I once saw a college student stand down a tank, armed with nothing but a knapsack.
That was 26 years ago today in Tiananmen Square, and the image is famous now, a period piece that at once defined a place, an event, a point in time and perhaps humanity itself. You looked at that image, and you did not need anyone to define courage for you. The image did that, and at the top of its lungs.
Not so, apparently, the picture of Caitlyn Jenner, formerly Bruce, on the cover of Vanity Fair.
In the days since ESPN announced it would give the newly minted Caitlyn its Arthur Ashe Courage Award, the backlash has been intense, and back of it is the inevitable ugliness that seems to be our lot in America today. It seems hardly anyone can advocate for Lauren Hill -- the Indiana teenager who died of a rare pediatric brain tumor in April, and who spent the last months of her life giving of herself instead of indulging herself -- without also diminishing Jenner.
I happen to think Lauren Hill should have been the "well, duh" Ashe recipient, too. But the trashing of Jenner has to stop.
It has to stop because courage is not always as dramatic as that image from Tiananmen Square, nor even the life of a 19-year-old girl who got to play, and score, in a college basketball game last fall, fulfilling a lifetime dream as her lifetime grew short. If you can watch the YouTube clip of Lauren Hill doing that and not be moved to tears, you are a stronger human than I am. Or you're not really human at all.
That said ... what Jenner has done took enormous courage, too. I cannot imagine what it must have been like, having to live your entire life knowing it was a lie on the most basic level possible. Everything the former Bruce Jenner did in a very public life -- everything -- was designed to keep that lie, and the pain that came with it, at bay. And yet the lie and the pain were always there.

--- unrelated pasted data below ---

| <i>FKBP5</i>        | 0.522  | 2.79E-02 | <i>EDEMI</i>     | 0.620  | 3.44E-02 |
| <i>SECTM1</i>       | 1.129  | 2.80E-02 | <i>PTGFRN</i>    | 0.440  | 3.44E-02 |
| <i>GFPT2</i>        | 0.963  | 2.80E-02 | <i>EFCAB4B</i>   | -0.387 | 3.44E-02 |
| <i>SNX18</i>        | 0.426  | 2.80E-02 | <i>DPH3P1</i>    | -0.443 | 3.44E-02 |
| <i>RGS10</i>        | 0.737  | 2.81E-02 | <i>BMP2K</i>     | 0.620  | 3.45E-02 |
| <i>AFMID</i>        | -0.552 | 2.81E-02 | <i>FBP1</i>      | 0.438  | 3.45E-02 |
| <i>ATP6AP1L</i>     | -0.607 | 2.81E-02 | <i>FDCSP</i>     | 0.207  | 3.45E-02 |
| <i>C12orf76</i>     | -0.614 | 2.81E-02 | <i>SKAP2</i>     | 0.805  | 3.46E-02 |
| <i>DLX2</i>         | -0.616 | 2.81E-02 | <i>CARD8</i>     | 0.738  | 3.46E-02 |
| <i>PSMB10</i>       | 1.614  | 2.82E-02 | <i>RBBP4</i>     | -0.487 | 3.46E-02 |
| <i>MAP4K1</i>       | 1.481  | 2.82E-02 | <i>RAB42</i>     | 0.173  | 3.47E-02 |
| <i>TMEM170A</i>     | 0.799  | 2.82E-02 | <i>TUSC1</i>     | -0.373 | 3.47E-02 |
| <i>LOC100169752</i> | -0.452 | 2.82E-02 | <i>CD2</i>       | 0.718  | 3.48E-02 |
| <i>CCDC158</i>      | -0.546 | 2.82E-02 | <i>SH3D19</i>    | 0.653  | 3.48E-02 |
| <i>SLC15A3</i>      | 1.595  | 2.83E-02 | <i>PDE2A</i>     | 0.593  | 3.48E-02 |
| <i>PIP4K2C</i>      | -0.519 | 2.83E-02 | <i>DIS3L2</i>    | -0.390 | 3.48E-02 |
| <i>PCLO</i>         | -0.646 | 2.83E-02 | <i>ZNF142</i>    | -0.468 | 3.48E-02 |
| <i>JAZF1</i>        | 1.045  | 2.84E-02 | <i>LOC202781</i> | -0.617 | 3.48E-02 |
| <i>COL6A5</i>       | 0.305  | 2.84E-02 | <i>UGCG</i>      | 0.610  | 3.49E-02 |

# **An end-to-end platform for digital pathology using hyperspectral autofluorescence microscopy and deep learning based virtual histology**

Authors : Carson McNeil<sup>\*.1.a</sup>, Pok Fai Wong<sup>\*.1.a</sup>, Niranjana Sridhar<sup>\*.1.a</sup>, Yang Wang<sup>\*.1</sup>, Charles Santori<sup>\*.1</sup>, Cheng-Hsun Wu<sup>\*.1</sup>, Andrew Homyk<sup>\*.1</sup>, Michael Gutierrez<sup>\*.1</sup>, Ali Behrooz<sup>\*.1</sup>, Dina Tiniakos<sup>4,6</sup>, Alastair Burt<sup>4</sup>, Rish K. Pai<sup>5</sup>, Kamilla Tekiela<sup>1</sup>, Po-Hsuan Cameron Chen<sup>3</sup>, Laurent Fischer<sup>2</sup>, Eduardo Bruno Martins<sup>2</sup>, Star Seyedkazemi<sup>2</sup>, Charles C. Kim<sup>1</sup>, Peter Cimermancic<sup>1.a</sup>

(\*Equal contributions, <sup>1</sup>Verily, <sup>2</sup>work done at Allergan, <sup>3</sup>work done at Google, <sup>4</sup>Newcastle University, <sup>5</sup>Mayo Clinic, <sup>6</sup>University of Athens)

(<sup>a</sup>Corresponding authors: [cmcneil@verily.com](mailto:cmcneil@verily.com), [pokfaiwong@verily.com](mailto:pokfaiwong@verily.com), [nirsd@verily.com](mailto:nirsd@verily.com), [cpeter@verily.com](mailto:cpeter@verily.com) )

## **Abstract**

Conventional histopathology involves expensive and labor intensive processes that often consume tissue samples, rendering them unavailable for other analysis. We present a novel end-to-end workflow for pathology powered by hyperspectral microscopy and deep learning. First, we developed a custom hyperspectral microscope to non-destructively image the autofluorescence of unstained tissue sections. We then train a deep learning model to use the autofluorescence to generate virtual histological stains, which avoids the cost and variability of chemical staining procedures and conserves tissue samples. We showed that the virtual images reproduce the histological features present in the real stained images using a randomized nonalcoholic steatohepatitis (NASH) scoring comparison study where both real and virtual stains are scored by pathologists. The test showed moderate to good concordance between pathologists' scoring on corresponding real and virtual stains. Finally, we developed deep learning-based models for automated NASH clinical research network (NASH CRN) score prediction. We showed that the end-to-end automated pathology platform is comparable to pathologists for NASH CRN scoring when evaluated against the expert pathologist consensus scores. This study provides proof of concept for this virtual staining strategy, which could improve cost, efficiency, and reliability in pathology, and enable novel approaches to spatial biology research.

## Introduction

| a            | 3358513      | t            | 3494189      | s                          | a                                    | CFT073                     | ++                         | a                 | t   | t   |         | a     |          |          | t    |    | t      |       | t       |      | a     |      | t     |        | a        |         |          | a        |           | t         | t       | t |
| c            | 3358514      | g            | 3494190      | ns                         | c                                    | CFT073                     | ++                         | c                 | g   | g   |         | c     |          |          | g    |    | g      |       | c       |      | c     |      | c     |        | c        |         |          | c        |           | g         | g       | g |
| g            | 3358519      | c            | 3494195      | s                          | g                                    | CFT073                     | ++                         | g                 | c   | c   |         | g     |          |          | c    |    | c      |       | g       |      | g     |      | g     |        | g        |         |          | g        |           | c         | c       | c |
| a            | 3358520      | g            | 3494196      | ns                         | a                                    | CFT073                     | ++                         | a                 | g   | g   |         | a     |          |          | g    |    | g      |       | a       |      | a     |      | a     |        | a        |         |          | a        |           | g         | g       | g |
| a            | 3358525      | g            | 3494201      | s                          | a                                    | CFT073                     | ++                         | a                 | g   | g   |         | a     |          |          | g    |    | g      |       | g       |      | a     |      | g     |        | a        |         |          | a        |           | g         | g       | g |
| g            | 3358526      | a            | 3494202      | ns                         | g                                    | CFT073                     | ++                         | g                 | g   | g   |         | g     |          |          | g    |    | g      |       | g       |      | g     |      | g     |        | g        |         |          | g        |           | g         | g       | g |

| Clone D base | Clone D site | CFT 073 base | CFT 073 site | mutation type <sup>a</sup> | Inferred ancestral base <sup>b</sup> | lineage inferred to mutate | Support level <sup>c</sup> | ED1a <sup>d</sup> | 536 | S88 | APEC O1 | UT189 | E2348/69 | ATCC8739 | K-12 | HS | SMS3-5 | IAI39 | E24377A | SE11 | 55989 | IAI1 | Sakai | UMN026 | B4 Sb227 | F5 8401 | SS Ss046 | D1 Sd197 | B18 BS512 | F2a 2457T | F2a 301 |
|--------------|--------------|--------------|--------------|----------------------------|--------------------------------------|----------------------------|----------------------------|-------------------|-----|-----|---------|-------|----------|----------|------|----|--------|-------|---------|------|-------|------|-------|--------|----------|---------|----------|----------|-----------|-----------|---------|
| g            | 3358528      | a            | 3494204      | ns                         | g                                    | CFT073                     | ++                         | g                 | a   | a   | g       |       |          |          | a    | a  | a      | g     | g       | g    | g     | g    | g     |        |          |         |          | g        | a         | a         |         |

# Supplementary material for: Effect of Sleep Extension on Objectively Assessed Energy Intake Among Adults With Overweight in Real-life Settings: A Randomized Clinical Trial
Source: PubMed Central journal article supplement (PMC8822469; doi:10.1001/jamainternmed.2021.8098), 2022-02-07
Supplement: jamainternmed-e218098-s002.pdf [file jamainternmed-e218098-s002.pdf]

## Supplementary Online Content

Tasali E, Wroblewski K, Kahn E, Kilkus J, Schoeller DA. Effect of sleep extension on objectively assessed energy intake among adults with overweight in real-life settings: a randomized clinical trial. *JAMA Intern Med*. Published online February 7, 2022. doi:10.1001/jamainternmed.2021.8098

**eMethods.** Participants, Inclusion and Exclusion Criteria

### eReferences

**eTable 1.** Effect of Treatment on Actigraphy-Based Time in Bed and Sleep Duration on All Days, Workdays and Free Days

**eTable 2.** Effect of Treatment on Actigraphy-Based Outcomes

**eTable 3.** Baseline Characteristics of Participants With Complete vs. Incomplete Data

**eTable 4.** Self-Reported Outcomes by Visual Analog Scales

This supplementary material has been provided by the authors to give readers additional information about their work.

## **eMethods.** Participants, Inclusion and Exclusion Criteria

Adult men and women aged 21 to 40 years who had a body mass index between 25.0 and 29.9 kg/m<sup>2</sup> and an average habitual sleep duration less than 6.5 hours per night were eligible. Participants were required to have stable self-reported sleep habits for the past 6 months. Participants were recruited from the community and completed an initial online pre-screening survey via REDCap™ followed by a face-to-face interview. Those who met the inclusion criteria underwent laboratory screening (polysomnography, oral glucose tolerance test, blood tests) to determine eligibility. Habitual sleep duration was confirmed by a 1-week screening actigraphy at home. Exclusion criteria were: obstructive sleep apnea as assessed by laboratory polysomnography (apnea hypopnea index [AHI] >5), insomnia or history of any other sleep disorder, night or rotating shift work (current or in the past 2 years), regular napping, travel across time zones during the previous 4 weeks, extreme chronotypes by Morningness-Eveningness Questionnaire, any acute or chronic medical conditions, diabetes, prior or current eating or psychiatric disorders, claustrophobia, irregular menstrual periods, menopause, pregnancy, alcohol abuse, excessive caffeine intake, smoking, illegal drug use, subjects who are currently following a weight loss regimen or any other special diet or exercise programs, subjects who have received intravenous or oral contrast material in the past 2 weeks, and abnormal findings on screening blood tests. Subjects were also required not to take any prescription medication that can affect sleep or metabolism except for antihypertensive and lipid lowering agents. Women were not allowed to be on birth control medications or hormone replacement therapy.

There is courage in soldiering on through that. There is. But instead of acknowledgment, Jenner has been called "mentally ill," been accused of a "publicity stunt," been told what he's faced in his life is no big deal because, after all, he's rich and famous, and wealth and fame takes care of everything.
Which is, of course, the most absurd notion of all.
Here's what I know: Courage does not come in one flavor. The most disturbing trend I've noticed in the last few days is an insistence that isn't so, that courage is somehow the sole province of Lauren Hill or firefighters or police officers or military personnel who find themselves in harm's way.
Or college students standing down tanks.
To hell with that. To hell with the idea that if you acknowledge one man's courage you somehow diminish someone else's. To hell with the idea that if you think favorably of Jenner, it's somehow a slap in the face to the Marines who found themselves 1,000 utterly exposed yards away from a spit of Central Pacific land called Betio, and somehow kept on wading toward shore, anyway.
Or kept on functioning through the hell of Iwo, Peleliu, Okinawa, Omaha Beach. Or rescued a buddy from the Taliban in the mountains of Afghanistan. Or took a bullet for a fellow officer in a shootout.
One does not cancel out the other. And the reason one does not cancel out the other is because this isn't a contest. We all have our challenges, and we face them the best we can. Some of us fail. Some of us succeed. The latter should always be celebrated.
Or at the very least, not looked upon with contempt.